This week’s debut of health insurance exchanges marks a very important milestone in developing a patient population who is able to access and engage in their own health and well-being. Informed healthcare consumers are also essential to successfully transitioning to value-based care, another strategic goal of the industry. However, the truth is that these policies and regulatory changes have become a distraction both for patients and for physicians, shifting the focus away from care to bureaucracy. I whole-heartedly believe that not only hospitals, but the healthcare industry itself, must leverage technology to refocus on what matters most – the patient.
In a recent Fast Company article, “Could The Future of Health Care Mean No Waits in Hospitals?,” I reflected on how this shift to value-based care will impact hospitals and the next generation of patient care. Below are a few key transformations that need to happen in order for healthcare providers to better serve their patient populations and to further drive patient engagement as part of the care process moving forward:
Knowledge is power. With the implementation of Meaningful Use stage 2, patient portals will foster clinician-patient communication, but more needs to happen. Hospitals need to offer web-based patient education to engage with their patients. Providing reliable, easy-to-understand information will not only help alleviate some of the anxiety brought on by the “unknown,” but also help patients and their families prepare a list of questions to ask their physician in advance of their appointment.
Living in the age of connectivity. Since we’re almost always “plugged in,” why not use this to our health advantage. Why aren’t we leveraging text message reminders for upcoming appointments or creating more apps that enable patients to access their full electronic health records, monitor test results and tick off actions on their health checklists (for instance, FitBit, CarePass, or FitLinxx).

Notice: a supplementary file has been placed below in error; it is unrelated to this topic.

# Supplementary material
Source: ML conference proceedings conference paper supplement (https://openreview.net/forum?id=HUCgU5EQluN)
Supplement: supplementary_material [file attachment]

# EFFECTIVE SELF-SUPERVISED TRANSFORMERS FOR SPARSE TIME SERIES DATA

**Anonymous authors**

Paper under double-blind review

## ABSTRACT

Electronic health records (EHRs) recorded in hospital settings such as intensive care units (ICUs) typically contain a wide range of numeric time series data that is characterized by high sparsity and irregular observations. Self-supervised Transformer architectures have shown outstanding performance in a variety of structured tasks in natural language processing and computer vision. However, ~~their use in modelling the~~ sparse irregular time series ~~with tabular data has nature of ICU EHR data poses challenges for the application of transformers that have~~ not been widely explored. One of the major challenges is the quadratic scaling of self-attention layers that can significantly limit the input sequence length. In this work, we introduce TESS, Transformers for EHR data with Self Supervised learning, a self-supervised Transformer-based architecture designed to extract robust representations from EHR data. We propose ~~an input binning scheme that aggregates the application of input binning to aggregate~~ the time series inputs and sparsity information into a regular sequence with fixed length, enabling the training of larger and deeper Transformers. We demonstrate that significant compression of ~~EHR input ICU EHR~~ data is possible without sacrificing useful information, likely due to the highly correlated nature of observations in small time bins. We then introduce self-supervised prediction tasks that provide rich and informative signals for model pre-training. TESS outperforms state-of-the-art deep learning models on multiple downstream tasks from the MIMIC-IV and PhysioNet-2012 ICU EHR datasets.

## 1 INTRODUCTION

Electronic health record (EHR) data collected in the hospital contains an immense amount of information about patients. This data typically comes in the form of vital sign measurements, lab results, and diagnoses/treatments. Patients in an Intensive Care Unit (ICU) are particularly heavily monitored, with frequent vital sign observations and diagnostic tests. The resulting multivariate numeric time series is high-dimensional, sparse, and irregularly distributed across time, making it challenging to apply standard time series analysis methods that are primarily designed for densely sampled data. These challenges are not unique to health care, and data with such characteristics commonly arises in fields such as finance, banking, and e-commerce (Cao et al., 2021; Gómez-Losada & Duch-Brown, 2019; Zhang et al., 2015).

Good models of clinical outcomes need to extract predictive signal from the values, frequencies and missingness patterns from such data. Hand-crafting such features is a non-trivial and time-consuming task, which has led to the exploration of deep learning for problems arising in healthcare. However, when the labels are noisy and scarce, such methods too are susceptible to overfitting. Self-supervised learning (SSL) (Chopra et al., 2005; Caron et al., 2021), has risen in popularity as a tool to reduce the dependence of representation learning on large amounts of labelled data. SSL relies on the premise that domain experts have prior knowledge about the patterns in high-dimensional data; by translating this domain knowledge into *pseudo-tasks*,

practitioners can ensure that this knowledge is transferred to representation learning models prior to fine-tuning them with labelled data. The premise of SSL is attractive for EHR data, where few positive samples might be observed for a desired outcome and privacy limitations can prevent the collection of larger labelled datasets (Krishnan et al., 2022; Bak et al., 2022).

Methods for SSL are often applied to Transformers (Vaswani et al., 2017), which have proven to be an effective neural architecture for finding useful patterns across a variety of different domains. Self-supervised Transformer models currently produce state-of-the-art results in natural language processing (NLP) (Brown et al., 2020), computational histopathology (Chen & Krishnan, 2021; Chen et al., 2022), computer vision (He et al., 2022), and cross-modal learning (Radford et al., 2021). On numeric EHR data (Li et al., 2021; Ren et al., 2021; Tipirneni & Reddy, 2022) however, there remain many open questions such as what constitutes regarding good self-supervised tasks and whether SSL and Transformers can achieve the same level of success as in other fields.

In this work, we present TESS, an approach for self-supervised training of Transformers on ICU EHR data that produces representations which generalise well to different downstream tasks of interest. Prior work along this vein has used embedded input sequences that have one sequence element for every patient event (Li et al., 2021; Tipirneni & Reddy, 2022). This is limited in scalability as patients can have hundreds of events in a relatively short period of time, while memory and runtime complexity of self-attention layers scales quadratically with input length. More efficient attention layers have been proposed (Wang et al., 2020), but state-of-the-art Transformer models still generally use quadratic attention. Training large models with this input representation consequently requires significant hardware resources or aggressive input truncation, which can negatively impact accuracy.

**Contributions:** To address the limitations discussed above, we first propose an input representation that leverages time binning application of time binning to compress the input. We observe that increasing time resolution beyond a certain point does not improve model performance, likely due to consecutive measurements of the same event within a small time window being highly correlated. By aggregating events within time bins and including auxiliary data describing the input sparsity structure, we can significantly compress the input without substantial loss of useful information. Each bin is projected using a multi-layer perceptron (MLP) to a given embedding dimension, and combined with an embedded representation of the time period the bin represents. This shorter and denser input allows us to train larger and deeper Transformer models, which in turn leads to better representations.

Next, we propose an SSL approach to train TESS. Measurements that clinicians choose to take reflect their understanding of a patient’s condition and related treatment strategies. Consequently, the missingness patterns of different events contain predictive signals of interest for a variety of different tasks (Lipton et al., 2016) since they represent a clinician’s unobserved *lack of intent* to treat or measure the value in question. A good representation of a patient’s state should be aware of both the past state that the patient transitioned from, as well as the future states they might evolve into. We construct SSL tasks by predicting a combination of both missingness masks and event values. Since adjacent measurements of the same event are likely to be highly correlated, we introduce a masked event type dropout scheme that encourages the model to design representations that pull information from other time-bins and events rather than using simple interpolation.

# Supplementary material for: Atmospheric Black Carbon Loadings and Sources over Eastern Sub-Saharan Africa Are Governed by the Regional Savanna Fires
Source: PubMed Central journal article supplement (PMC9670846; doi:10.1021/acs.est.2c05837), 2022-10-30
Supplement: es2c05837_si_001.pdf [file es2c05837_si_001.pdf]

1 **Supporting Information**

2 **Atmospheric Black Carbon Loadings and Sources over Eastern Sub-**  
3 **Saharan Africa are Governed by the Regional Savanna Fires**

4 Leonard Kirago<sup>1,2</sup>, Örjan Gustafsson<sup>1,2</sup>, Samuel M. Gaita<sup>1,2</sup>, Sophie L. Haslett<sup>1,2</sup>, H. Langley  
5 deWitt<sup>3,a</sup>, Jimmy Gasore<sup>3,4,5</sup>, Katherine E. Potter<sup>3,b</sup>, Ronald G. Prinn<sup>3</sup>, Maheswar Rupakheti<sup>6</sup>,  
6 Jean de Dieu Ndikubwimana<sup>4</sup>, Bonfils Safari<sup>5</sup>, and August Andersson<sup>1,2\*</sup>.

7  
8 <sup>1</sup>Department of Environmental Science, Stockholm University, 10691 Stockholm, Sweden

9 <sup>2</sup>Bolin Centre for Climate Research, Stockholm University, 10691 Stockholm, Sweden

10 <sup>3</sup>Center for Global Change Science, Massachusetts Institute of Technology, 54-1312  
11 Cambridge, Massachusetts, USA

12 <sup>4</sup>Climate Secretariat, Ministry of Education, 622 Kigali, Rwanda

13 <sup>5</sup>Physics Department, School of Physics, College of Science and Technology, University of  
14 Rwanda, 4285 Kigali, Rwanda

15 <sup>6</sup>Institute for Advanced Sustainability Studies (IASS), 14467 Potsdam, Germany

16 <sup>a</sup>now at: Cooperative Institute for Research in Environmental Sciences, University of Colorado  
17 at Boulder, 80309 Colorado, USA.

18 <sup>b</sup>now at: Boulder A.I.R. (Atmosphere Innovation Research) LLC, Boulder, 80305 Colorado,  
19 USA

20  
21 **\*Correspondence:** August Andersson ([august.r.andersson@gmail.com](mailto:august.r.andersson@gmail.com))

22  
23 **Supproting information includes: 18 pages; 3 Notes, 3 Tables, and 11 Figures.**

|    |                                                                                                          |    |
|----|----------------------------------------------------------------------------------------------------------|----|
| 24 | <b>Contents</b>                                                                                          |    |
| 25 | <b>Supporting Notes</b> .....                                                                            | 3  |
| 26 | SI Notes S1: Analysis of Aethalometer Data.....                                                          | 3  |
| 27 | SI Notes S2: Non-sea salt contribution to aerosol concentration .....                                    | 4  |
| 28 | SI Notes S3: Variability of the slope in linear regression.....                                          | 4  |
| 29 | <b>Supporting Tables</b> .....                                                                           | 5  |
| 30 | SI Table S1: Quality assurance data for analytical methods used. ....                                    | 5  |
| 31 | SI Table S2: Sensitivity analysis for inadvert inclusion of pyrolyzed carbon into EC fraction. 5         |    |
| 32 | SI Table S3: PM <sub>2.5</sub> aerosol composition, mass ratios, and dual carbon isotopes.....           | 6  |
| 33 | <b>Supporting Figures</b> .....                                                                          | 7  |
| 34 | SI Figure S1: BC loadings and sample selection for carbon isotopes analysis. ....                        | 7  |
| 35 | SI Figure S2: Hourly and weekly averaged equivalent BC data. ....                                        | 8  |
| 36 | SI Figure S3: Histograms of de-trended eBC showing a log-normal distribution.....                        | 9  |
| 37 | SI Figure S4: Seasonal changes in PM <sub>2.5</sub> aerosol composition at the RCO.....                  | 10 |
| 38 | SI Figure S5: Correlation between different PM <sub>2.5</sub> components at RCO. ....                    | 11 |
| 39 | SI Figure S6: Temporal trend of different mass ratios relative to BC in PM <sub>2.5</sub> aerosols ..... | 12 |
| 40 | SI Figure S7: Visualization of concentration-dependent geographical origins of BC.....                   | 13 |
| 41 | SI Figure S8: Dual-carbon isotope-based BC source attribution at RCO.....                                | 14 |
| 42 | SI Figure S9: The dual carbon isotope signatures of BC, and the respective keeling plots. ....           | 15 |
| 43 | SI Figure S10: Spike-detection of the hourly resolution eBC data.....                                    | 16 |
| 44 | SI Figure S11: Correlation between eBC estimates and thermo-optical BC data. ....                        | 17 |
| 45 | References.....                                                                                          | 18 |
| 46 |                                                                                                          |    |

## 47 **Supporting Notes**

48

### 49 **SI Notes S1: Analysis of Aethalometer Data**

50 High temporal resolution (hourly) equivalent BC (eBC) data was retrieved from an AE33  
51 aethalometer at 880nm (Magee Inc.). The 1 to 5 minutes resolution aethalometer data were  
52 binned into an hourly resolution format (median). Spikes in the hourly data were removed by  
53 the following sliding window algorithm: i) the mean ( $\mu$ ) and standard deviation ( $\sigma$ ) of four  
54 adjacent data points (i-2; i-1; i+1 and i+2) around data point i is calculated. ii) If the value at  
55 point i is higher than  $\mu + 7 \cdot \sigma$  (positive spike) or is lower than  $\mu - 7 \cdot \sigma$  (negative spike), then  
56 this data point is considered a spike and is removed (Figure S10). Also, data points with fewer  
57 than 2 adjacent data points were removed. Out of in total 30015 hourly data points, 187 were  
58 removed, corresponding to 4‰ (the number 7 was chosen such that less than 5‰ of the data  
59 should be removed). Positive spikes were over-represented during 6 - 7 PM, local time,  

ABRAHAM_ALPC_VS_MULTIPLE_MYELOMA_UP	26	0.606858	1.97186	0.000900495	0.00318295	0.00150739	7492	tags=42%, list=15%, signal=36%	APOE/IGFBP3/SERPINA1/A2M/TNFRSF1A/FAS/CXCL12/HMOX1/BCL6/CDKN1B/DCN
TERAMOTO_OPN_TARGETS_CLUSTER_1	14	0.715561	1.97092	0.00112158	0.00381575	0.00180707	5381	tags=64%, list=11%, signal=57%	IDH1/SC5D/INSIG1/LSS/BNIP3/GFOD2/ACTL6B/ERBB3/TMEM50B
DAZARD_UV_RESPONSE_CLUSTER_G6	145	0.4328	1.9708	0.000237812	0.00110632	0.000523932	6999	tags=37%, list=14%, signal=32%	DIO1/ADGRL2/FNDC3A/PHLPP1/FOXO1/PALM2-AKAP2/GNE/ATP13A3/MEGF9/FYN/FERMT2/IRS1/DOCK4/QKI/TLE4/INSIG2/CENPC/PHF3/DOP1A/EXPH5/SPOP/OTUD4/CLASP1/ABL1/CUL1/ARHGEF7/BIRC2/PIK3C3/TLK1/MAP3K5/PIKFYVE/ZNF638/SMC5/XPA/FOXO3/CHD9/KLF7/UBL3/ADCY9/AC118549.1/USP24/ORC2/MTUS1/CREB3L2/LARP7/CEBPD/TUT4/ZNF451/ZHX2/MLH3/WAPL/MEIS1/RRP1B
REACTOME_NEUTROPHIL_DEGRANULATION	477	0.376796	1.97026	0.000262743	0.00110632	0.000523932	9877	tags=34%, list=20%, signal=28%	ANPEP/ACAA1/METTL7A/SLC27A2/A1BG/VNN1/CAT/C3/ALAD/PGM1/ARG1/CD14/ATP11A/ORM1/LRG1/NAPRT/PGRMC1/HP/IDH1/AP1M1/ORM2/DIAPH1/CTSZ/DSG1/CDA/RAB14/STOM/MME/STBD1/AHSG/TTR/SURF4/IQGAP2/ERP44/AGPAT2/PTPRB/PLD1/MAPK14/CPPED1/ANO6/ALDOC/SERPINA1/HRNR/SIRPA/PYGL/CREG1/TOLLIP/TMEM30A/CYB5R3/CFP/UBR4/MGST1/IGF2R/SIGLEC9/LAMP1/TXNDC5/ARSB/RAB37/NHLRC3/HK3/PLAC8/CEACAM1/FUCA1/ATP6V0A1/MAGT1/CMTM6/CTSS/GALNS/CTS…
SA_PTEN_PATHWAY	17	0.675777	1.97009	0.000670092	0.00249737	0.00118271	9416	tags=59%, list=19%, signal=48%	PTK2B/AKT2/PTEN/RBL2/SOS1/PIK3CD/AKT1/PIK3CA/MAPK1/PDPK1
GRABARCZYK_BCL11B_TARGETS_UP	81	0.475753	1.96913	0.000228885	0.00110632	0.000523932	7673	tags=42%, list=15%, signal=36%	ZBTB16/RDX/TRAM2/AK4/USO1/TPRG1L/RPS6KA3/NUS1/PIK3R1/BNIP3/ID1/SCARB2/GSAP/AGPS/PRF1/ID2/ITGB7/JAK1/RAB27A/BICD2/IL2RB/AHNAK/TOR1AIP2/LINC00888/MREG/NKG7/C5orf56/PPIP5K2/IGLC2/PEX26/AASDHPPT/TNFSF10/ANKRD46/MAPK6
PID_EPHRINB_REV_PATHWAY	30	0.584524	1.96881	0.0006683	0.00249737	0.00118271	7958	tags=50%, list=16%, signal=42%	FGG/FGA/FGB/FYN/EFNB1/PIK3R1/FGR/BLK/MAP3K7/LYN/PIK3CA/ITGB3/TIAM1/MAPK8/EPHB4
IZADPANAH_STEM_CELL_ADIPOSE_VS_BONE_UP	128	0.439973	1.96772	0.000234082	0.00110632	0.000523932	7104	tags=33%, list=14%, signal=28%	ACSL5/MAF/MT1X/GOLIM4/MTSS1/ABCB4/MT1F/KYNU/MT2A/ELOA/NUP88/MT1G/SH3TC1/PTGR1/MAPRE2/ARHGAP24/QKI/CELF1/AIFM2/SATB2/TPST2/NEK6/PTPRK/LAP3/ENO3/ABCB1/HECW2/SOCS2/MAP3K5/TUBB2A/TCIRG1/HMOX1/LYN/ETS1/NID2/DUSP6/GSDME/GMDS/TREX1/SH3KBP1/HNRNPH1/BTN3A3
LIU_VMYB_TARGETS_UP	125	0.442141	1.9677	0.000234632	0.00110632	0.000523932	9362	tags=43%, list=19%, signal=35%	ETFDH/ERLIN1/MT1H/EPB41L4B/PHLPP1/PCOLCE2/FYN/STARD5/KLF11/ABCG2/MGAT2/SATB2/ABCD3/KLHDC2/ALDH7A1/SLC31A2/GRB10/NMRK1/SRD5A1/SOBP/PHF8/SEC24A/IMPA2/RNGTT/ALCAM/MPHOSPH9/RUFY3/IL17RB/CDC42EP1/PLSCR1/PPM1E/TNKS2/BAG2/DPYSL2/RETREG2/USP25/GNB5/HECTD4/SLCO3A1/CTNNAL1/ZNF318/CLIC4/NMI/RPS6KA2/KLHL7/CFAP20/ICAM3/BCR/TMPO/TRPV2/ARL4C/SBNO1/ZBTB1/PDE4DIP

Creating collaborative patient notes. mHealth apps will continue to encourage patients to become increasingly involved in monitoring their own health. Additionally, we need to consider the role social media can play in helping clinicians form a collaborative and robust health record. Innovators, like Beth Israel Deaconess Medical Center, are piloting a clinical documentation approach that enables physicians to document collectively in one note using specific templates. This “Twitter-esque” version of clinical documentation could potentially create a more collaborative way to create patient notes. The next generation of clinical notes will be collaborative in nature and include team-authored documentation eliminating data duplication.
The bottom-line is this: In order to derive the maximum value from changes taking place across the healthcare industry, we need to become active participants in the process. Technology that enables on-the-go access to information and helps extend physician-patient communication beyond office and hospital visits will help consumers drive toward this new and exciting reality.